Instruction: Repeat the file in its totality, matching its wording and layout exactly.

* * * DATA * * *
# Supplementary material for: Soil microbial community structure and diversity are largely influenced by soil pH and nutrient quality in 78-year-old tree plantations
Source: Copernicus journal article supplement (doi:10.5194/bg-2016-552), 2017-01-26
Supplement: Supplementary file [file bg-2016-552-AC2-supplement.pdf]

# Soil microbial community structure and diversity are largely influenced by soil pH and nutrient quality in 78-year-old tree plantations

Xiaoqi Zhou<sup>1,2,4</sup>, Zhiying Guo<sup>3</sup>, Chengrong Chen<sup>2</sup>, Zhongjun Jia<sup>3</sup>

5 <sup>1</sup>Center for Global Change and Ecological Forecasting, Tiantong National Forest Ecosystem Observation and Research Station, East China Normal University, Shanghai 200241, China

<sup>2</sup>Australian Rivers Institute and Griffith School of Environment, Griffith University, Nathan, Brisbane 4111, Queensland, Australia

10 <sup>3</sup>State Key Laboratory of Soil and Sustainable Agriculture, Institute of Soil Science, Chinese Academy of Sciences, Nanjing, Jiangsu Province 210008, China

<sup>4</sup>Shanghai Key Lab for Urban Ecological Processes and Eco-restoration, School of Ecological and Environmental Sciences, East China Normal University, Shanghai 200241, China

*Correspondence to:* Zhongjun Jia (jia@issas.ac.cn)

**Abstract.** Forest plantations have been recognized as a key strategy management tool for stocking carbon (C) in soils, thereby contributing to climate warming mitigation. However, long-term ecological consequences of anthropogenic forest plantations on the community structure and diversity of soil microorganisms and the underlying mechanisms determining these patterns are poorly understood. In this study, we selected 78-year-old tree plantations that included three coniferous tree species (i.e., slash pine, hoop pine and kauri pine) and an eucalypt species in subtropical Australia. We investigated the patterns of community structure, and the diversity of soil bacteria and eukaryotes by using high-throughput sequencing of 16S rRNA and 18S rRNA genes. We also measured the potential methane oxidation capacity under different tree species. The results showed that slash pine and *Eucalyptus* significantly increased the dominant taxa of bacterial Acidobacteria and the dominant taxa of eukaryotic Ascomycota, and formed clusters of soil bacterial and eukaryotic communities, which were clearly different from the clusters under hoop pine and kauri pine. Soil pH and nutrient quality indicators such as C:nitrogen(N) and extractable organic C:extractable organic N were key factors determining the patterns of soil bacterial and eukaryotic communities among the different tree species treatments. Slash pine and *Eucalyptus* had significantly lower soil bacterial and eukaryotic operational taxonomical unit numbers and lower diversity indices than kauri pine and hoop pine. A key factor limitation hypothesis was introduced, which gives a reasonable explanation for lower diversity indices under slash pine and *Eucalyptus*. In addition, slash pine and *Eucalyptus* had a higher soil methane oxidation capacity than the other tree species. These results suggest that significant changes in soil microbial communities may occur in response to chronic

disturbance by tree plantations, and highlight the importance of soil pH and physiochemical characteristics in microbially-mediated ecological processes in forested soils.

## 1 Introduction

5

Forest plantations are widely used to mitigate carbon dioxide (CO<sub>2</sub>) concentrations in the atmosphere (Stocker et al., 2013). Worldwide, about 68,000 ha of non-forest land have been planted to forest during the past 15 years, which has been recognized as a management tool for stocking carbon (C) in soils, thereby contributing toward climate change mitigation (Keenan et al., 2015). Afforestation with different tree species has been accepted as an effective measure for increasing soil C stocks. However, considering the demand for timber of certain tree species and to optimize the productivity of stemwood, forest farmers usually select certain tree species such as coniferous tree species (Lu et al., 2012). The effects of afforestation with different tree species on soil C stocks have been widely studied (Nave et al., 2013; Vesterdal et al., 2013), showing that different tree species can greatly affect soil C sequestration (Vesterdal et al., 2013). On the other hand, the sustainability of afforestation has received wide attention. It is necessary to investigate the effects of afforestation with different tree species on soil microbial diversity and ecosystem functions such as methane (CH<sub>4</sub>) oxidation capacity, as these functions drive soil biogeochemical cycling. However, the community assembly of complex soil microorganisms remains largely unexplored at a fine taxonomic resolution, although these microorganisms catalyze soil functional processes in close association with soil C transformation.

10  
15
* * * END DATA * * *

# Supplementary material for: Soil microbial community structure and diversity are largely influenced by soil pH and nutrient quality in 78-year-old tree plantations
Source: Copernicus journal article supplement (doi:10.5194/bg-2016-552), 2017-01-26
Supplement: Supplementary file [file bg-2016-552-AC2-supplement.pdf]

# Soil microbial community structure and diversity are largely influenced by soil pH and nutrient quality in 78-year-old tree plantations

Xiaoqi Zhou<sup>1,2,4</sup>, Zhiying Guo<sup>3</sup>, Chengrong Chen<sup>2</sup>, Zhongjun Jia<sup>3</sup>

5 <sup>1</sup>Center for Global Change and Ecological Forecasting, Tiantong National Forest Ecosystem Observation and Research Station, East China Normal University, Shanghai 200241, China

<sup>2</sup>Australian Rivers Institute and Griffith School of Environment, Griffith University, Nathan, Brisbane 4111, Queensland, Australia

10 <sup>3</sup>State Key Laboratory of Soil and Sustainable Agriculture, Institute of Soil Science, Chinese Academy of Sciences, Nanjing, Jiangsu Province 210008, China

<sup>4</sup>Shanghai Key Lab for Urban Ecological Processes and Eco-restoration, School of Ecological and Environmental Sciences, East China Normal University, Shanghai 200241, China

*Correspondence to:* Zhongjun Jia (jia@issas.ac.cn)

**Abstract.** Forest plantations have been recognized as a key strategy management tool for stocking carbon (C) in soils, thereby contributing to climate warming mitigation. However, long-term ecological consequences of anthropogenic forest plantations on the community structure and diversity of soil microorganisms and the underlying mechanisms determining these patterns are poorly understood. In this study, we selected 78-year-old tree plantations that included three coniferous tree species (i.e., slash pine, hoop pine and kauri pine) and an eucalypt species in subtropical Australia. We investigated the patterns of community structure, and the diversity of soil bacteria and eukaryotes by using high-throughput sequencing of 16S rRNA and 18S rRNA genes. We also measured the potential methane oxidation capacity under different tree species. The results showed that slash pine and *Eucalyptus* significantly increased the dominant taxa of bacterial Acidobacteria and the dominant taxa of eukaryotic Ascomycota, and formed clusters of soil bacterial and eukaryotic communities, which were clearly different from the clusters under hoop pine and kauri pine. Soil pH and nutrient quality indicators such as C:nitrogen(N) and extractable organic C:extractable organic N were key factors determining the patterns of soil bacterial and eukaryotic communities among the different tree species treatments. Slash pine and *Eucalyptus* had significantly lower soil bacterial and eukaryotic operational taxonomical unit numbers and lower diversity indices than kauri pine and hoop pine. A key factor limitation hypothesis was introduced, which gives a reasonable explanation for lower diversity indices under slash pine and *Eucalyptus*. In addition, slash pine and *Eucalyptus* had a higher soil methane oxidation capacity than the other tree species. These results suggest that significant changes in soil microbial communities may occur in response to chronic

disturbance by tree plantations, and highlight the importance of soil pH and physiochemical characteristics in microbially-mediated ecological processes in forested soils.

## 1 Introduction

5

Forest plantations are widely used to mitigate carbon dioxide (CO<sub>2</sub>) concentrations in the atmosphere (Stocker et al., 2013). Worldwide, about 68,000 ha of non-forest land have been planted to forest during the past 15 years, which has been recognized as a management tool for stocking carbon (C) in soils, thereby contributing toward climate change mitigation (Keenan et al., 2015). Afforestation with different tree species has been accepted as an effective measure for increasing soil C stocks. However, considering the demand for timber of certain tree species and to optimize the productivity of stemwood, forest farmers usually select certain tree species such as coniferous tree species (Lu et al., 2012). The effects of afforestation with different tree species on soil C stocks have been widely studied (Nave et al., 2013; Vesterdal et al., 2013), showing that different tree species can greatly affect soil C sequestration (Vesterdal et al., 2013). On the other hand, the sustainability of afforestation has received wide attention. It is necessary to investigate the effects of afforestation with different tree species on soil microbial diversity and ecosystem functions such as methane (CH<sub>4</sub>) oxidation capacity, as these functions drive soil biogeochemical cycling. However, the community assembly of complex soil microorganisms remains largely unexplored at a fine taxonomic resolution, although these microorganisms catalyze soil functional processes in close association with soil C transformation.

10  
15